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Why UDE and not UDL?

Students involved in postsecondary education must successfully perform hundreds of different types of tasks during a study term. These tasks range from successfully registering for courses, paying for courses, waking before morning classes, finding sufficient nutrition to be mentally engaged during classes, getting to classes, physically managing course books, using computers, accessing materials, completing assignments, taking tests etc. Successfully navigating through a day, much less a term, of educational activities requires access to physical spaces and buildings, information systems, as well as courses, services and curriculum.

While successful learning of knowledge and skills is the clear goal, successful management of the entire educational experience is the demand. Optimal universal design in postsecondary education revolves around creating better designs for all areas of activity in which a student participates. Difficulty in accessing any one of these hundreds of activities can throw a students education in jeopardy.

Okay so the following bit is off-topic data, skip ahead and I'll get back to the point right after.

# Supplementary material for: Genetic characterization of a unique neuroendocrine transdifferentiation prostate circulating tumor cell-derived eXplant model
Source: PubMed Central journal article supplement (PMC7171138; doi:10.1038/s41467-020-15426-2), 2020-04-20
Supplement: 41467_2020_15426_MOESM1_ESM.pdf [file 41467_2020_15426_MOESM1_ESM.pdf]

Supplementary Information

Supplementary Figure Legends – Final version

Universal Design in Learning might be the best description of interventions specific to course and curriculum. The overall need for universal design in postsecondary education is broader than direct learning activities, however. Thus, a broader term was preferred. We chose Universal Design in Education (UDE) as the most representative terms to describe the scope of UD addressed by the ACCESS-ed Project.

Disability is part of the natural diversity of human life. It touches all of us, whether through our own individual experience or that of a family member, neighbor, friend or colleague. As such, we all have a role in—and benefit to gain from—advancing equality for people with disabilities in all sectors of society, including the workplace. 

Assistant Secretary Kathy Martinez, Office of Disability Employment Policy